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Evidence-Based Complementary and Alternative Medicine
Volume 2013, Article ID 859763, 13 pages
http://dx.doi.org/10.1155/2013/859763
Research Article

Hemiparesis after Operation of Astrocytoma Grade II in Adults: Effects of Acupuncture on Sensory-Motor Behavior and Quality of Life

1Shenzhen Traditional Chinese Medicine Hospital, Shenzhen City, Guangdong 518033, China
2HanseMerkur Zentrum für Traditionelle Chinesische Medizin am Universitätsklinikum Hamburg-Eppendorf, 20246 Hamburg, Germany

Received 29 March 2013; Revised 26 May 2013; Accepted 28 May 2013

Academic Editor: Sookyung Lee

Copyright © 2013 Haibo Yu et al. This is an open access article distributed under the Creative Commons Attribution License, which permits unrestricted use, distribution, and reproduction in any medium, provided the original work is properly cited.

Abstract

To evaluate the effect of acupuncture on hemiparesis and quality of life for adults with brain astrocytoma grade II, we conducted a randomized, observer-blinded clinical trial. Fifty-eight patients were randomized to standard rehabilitation (SR) therapy without acupuncture ( ), SR plus standard acupuncture (SA) ( ), and SR plus individualized acupuncture (IA) ( ). SA points were PC6, SP6, HT1, LU5, BL40, and ST36, while a special concept called “connecting and regulation Ren and Du” and “Jin-3-needling” served as IA. This treatment was individualized according to the clinical syndrome. The outcome was measured by the Barthel Index (BI), the Fugl-Meyer scale (FM), and the EORTC Core Quality of Life Questionnaire (QLQ-C30) with the Brain Cancer Module (BCM20). IA + SR reached significantly higher BI scores than SA + SR, which reached significantly higher BI scores than SR. IA + SR was significantly superior to SA + SR and to SR at the 8th week for the scores of FM motor and sensory assessments and most QLQ-C30-BCM20 items. In conclusion, the individualized acupuncture concept of “connecting and regulating Ren and Du” combined with “Jin-3-needling” offers a promising possibility for the treatment of hemiparesis due to astrocytoma, but further evaluation is mandatory.

1. Introduction

Astrocytic tumors comprise a wide range of neoplasms of the central nervous system (CNS) which shows invasive and progressive growth. The following clinicopathological entities can be distinguished as pilocytic astrocytomas (grade I), fibrillary astrocytomas (grade II), anaplastic astrocytomas (grade III), and glioblastoma multiforme (grade IV) [1]. The most common site of these tumors is the brain [2]. They make up about 42% of all brain tumors including benign tumors and 80% of all malignant brain tumors [3]. These tumors tend to grow and infiltrate into the normal brain tissue, which makes complete surgical removal very difficult, or usually impossible, and complicates treatment [4]. The World Health Organization (WHO) classifies astrocytomas into the previously described four grades depending on how fast they are growing and the likelihood that they will spread (infiltrate) to nearby brain tissue [5]. Grade II astrocytomas are also called low-grade astrocytomas or diffuse astrocytomas and are usually infiltrating tumors. These tumors grow relatively slow and usually do not have well-defined borders. They are generally more common in men and are most common in the cerebral hemispheres of young adult patients [6].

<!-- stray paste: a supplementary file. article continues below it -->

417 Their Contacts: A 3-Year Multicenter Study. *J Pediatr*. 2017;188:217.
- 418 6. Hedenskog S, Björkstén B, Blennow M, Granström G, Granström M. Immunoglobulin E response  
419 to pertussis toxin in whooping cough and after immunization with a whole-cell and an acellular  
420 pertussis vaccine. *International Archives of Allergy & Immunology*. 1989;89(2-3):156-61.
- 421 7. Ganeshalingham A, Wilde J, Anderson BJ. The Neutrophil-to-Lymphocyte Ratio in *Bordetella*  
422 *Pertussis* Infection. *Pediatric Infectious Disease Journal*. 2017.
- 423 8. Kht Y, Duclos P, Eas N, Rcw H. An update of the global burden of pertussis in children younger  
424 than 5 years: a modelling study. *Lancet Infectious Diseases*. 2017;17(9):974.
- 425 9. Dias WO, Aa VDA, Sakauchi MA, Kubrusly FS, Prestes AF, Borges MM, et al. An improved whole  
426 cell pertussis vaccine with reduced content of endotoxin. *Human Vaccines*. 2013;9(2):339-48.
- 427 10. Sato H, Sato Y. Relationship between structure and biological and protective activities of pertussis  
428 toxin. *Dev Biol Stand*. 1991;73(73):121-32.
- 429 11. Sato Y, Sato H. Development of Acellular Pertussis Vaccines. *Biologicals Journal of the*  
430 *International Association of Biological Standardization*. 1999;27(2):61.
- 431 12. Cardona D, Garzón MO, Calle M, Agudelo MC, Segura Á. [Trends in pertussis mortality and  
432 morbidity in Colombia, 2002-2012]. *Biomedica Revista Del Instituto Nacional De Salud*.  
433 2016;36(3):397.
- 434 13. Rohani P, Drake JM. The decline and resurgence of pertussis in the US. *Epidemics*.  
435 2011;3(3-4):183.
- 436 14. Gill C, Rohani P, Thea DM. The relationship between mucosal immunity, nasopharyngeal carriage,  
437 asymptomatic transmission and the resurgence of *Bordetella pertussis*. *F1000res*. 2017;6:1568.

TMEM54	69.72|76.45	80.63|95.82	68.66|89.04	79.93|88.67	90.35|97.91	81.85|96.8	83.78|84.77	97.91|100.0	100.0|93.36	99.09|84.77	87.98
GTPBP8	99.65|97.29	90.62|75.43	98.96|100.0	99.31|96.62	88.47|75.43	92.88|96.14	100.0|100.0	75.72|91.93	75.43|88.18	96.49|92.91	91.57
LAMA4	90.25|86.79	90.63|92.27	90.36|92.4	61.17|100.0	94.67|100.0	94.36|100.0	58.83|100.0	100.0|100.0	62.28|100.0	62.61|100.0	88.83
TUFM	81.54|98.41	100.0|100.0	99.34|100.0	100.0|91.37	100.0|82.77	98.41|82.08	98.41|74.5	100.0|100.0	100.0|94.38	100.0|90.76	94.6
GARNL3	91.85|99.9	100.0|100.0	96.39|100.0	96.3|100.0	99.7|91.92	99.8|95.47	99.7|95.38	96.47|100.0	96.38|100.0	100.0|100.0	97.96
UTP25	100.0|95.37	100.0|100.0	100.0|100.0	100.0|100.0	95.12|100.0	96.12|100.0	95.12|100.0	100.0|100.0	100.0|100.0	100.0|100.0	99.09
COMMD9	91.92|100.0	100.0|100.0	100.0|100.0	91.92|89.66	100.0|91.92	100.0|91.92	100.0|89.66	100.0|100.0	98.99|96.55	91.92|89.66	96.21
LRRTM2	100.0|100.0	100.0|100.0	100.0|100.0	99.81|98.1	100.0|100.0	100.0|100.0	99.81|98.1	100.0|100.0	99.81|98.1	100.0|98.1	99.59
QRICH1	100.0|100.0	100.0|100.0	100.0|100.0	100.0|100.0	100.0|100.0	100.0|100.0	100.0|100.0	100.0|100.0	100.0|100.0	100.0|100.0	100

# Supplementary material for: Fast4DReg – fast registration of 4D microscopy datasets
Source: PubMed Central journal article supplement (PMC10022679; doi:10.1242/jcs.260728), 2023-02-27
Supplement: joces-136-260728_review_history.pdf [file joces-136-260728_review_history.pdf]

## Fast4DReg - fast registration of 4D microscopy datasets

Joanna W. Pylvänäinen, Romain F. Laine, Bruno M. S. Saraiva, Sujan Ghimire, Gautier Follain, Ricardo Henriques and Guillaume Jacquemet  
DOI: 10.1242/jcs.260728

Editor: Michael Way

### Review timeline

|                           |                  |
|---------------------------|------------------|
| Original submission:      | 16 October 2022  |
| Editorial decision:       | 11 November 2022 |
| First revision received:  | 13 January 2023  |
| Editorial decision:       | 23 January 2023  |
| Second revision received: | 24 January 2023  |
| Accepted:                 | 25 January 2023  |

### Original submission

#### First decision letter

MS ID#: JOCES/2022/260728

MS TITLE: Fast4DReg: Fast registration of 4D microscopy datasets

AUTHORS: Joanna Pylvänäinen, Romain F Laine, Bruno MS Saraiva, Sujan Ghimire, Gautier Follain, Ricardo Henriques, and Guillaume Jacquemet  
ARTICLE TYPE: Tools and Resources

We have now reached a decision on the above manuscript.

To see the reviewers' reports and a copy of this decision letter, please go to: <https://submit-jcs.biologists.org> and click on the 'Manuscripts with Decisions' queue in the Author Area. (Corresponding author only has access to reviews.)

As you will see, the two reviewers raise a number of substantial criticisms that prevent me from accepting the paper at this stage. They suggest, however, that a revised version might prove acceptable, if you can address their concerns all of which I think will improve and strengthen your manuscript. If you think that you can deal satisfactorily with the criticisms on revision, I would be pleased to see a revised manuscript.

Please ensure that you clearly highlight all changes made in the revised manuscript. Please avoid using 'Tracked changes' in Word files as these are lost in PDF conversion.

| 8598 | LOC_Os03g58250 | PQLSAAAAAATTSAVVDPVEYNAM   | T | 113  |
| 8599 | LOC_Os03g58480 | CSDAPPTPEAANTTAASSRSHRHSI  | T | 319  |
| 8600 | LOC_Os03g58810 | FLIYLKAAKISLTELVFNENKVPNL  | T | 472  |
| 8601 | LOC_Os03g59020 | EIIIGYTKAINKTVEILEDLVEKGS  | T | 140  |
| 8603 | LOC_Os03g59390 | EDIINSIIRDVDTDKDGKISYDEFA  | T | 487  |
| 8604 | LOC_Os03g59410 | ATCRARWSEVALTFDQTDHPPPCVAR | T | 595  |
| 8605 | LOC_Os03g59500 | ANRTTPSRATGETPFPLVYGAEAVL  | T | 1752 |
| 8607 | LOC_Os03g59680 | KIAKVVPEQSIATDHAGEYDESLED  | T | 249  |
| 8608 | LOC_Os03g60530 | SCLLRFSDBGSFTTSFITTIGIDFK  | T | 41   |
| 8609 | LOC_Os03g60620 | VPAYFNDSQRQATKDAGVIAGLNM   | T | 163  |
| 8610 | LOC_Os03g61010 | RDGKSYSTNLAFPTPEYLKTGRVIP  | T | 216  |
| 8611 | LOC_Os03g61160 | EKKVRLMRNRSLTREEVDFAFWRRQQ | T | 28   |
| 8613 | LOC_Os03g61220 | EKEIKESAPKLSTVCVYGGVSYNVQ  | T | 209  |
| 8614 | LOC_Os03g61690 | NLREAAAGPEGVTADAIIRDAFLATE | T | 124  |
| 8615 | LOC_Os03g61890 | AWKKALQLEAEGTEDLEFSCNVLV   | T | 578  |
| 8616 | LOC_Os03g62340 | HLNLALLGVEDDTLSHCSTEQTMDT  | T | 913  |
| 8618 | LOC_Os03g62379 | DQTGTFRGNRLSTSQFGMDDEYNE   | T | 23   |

Patients with brain tumors have many problems which relate to the consequences of neurological dysfunction caused by a destructive or invasive tumor mass in the central nervous system. Astrocytic tumors can cause several neurological symptoms such as sensorimotor deficit, ataxia, language problems, and cognitive decline [7]. Symptoms can arise from the disease process itself, which usually causes focal neurological damage, and the side effects of treatment (surgery, radiation therapy, and chemotherapy) can cause more diffuse damage [6]. Nevertheless, it must be emphasized that although more than 60 percent of patients with astrocytic tumors suffer from hemiparesis at the time of diagnosis, but only 3 percent complain of weakness as the initial symptom. At the onset of their disease, patients with gliomas have relatively low rates of hemiparesis and hemianesthesia, by the time of diagnosis, some or all of these findings are present in the majority of patients [8].

For more than 3000 years, practitioners in China have used acupuncture to treat various diseases, including hemiparesis [9]. Acupuncture treatment also has become increasingly popular in western societies. Acupuncture, as a treatment of individuals with hemiplegia after stroke, has a long tradition in China and can improve functions and the quality of life. Recent studies showed benefits in the rehabilitation of strokes [1012]. But while there are still limitations in the quality [13], further controlled trials have been recommended and recommendations for study designs have been published [14].

The reporting of the promising results of acupuncture on hemiparesis after a stroke to other causes of hemiparesis is unclear and has not been investigated on a large scale in patients with astrocytic brain tumors. Even though acupuncture is a common treatment option for brain tumors in China [15, 16], no randomized, controlled studies have yet explored the effectiveness of acupuncture on the treatment of hemiparesis due to astrocytoma type II.